The Antennal Lobes

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Antennal lobes are the first order neuropils of the olfactory chemosensory pathway. They comprise glomeruli - discrete glial bound partitions of neuropil - which are invaded by olfactory receptor terminals.

Glomeruli provide projection neurons. Uniglomerular projections neurons (having dendrites in a single glomerulus) send their axons to the superior lateral protocerebrum on the same side of the brain via the inner antennocerebral tract. Most types of multiglomerular projection neurons (those whose dendrites invade more than one glomerulus) reach the superior lateral protocerebrum via the outer and medial antennocerebral tracts and do not send collaterals to the mushroom body calyces.

Other Insects

Although the projections from the antennal lobes to the brain are similar between different groups of insects, the organization and neuroarchitecture of their antennal lobes can differ markedly. Those of moths and flies are relatively complex. As in honey bees, their glomeruli are uniquely identifiable on the basis of their shape and location within the antennal lobe. Each glomerulus has a complex internal architecture. Each supplies at least three and some as many as seven uniglomerular projection neurons, the axons of which send collaterals to relatively simple and small mushroom bodies.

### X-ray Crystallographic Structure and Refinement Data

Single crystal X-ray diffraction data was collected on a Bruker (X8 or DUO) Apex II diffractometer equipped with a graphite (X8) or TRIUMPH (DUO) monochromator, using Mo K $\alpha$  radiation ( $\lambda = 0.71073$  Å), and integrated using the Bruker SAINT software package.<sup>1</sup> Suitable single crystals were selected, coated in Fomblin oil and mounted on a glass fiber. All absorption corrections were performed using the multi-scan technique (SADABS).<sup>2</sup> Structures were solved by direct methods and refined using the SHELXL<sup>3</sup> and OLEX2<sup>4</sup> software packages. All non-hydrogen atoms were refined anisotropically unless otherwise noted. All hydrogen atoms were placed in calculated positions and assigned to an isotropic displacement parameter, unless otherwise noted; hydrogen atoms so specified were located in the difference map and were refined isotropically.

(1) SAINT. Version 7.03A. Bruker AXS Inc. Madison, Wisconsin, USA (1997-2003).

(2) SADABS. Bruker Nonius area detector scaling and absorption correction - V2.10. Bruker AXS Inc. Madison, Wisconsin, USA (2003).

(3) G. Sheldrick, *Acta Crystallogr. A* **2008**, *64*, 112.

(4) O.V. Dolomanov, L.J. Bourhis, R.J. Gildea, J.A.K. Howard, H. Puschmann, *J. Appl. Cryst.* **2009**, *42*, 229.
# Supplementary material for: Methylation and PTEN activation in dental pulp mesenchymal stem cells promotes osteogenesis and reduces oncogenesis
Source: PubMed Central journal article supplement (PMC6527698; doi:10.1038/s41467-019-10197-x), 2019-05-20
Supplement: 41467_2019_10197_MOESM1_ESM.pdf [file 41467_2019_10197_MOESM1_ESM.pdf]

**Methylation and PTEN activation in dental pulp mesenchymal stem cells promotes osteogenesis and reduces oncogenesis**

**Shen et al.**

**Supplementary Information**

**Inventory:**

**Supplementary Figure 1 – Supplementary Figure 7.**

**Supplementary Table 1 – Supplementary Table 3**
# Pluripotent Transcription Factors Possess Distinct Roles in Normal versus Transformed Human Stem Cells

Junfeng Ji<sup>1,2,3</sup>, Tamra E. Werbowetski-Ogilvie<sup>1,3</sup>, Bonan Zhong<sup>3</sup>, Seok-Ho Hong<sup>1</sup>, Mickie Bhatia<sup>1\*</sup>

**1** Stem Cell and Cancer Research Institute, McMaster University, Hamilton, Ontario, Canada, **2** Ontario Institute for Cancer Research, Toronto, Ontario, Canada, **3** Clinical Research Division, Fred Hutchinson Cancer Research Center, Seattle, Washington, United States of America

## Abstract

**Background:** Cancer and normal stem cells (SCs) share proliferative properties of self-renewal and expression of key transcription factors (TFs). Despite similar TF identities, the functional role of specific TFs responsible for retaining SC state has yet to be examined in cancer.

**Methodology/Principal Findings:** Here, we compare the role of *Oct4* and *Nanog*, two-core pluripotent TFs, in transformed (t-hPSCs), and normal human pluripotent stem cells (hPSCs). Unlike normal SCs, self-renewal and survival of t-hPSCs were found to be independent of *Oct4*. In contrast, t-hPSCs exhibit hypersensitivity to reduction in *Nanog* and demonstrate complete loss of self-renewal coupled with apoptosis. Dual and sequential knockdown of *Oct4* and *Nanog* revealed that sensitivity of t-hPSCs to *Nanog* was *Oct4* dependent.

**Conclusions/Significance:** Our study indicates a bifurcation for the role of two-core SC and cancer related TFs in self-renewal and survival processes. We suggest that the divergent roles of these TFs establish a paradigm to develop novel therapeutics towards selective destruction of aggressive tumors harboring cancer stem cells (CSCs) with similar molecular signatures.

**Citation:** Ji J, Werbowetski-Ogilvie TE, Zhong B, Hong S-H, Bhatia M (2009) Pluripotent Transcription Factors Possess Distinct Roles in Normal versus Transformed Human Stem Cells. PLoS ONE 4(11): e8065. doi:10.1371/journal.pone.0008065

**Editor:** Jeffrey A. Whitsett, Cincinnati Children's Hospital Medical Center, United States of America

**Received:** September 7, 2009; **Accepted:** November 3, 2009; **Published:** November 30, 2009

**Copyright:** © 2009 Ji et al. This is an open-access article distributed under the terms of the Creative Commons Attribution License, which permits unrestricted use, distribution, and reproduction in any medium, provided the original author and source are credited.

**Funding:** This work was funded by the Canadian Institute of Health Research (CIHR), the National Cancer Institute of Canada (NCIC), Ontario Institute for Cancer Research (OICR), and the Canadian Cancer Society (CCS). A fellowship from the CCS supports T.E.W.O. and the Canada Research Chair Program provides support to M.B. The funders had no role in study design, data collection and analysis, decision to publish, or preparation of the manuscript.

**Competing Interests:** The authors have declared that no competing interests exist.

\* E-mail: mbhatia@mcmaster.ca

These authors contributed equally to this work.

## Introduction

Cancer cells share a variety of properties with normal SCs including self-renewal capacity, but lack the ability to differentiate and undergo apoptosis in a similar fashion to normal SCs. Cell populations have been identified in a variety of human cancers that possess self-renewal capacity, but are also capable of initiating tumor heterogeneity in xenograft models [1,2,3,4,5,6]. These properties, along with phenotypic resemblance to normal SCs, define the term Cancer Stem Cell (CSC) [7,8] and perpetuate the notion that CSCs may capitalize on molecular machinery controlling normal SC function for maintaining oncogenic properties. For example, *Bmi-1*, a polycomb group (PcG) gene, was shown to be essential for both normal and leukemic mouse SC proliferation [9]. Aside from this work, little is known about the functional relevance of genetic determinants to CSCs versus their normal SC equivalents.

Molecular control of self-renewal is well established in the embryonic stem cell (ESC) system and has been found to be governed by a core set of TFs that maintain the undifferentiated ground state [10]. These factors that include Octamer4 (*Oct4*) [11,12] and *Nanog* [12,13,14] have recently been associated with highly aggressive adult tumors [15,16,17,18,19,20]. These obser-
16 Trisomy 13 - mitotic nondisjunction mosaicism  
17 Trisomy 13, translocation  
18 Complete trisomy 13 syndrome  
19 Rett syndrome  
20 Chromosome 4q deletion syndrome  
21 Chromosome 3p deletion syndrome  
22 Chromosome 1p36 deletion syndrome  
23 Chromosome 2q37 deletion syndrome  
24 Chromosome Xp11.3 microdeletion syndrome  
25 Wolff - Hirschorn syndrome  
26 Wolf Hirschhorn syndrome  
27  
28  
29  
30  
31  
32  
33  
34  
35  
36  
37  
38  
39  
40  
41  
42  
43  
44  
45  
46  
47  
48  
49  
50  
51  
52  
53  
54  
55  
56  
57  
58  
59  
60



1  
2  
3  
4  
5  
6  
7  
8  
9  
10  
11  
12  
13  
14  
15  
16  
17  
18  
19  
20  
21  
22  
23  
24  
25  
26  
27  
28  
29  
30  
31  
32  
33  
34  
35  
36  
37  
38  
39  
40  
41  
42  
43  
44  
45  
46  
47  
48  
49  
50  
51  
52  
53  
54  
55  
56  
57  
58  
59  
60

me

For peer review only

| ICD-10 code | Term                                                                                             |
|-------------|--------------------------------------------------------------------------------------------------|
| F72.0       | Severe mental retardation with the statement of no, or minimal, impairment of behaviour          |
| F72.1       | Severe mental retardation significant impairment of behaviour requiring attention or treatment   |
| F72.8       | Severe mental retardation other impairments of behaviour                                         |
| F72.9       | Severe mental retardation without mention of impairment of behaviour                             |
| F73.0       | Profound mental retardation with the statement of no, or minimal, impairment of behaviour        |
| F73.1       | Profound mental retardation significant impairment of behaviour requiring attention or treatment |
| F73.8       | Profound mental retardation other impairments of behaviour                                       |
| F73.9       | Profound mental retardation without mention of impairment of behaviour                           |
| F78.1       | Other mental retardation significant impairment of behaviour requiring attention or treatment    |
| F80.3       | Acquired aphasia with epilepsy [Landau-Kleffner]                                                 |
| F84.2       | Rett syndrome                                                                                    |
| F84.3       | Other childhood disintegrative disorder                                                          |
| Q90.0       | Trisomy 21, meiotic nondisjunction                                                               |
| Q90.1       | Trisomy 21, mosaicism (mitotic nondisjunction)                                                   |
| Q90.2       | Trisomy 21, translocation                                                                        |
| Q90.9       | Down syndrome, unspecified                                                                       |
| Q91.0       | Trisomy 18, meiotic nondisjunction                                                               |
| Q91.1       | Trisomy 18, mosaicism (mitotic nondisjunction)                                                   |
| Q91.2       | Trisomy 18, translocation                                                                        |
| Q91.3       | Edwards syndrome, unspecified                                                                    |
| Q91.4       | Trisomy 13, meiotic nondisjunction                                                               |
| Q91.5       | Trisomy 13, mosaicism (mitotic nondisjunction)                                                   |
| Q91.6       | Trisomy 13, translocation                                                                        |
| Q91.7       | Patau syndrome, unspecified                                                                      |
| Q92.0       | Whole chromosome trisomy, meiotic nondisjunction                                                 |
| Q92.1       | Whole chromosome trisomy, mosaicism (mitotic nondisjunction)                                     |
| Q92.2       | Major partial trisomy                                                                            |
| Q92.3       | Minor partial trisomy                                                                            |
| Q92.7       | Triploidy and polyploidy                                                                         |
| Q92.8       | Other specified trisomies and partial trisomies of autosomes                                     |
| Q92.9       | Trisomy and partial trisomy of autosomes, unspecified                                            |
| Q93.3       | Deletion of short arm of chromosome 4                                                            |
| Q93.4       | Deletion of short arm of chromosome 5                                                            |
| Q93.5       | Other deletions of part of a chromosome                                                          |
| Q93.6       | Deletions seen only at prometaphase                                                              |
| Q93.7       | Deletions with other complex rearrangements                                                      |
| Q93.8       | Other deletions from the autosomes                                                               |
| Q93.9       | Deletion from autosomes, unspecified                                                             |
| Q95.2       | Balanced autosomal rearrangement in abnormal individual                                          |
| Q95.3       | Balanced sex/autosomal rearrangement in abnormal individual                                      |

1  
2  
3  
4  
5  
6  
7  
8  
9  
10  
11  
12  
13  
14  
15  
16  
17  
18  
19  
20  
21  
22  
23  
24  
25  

In the Hymenoptera, ball-like glomeruli are clustered into two to four distinct populations. The internal organization of each glomerulus, regarding the number of its uniglomerular projection neuron dendrites, is simpler than in moths and flies. Each glomerulus provides a pair of projection neurons, the axons of which provide collaterals to complex, large mushroom bodies. A 3-D atlas of the honey bee antennal lobes (provided by Dr. Giovanni Galizia, at the Institute of Neurobiology, Berlin: can be compared with similarly generated 3-D maps of the antennal lobes of Drosophila.


Stocker, R.F.M., Lienhard, C., Borst, A., and K-F. Fischbach (1990) Neuronal architecture of the antennal lobe in Drosophila melanogaster. Cell Tissue Res. 262:9-34 (1996)

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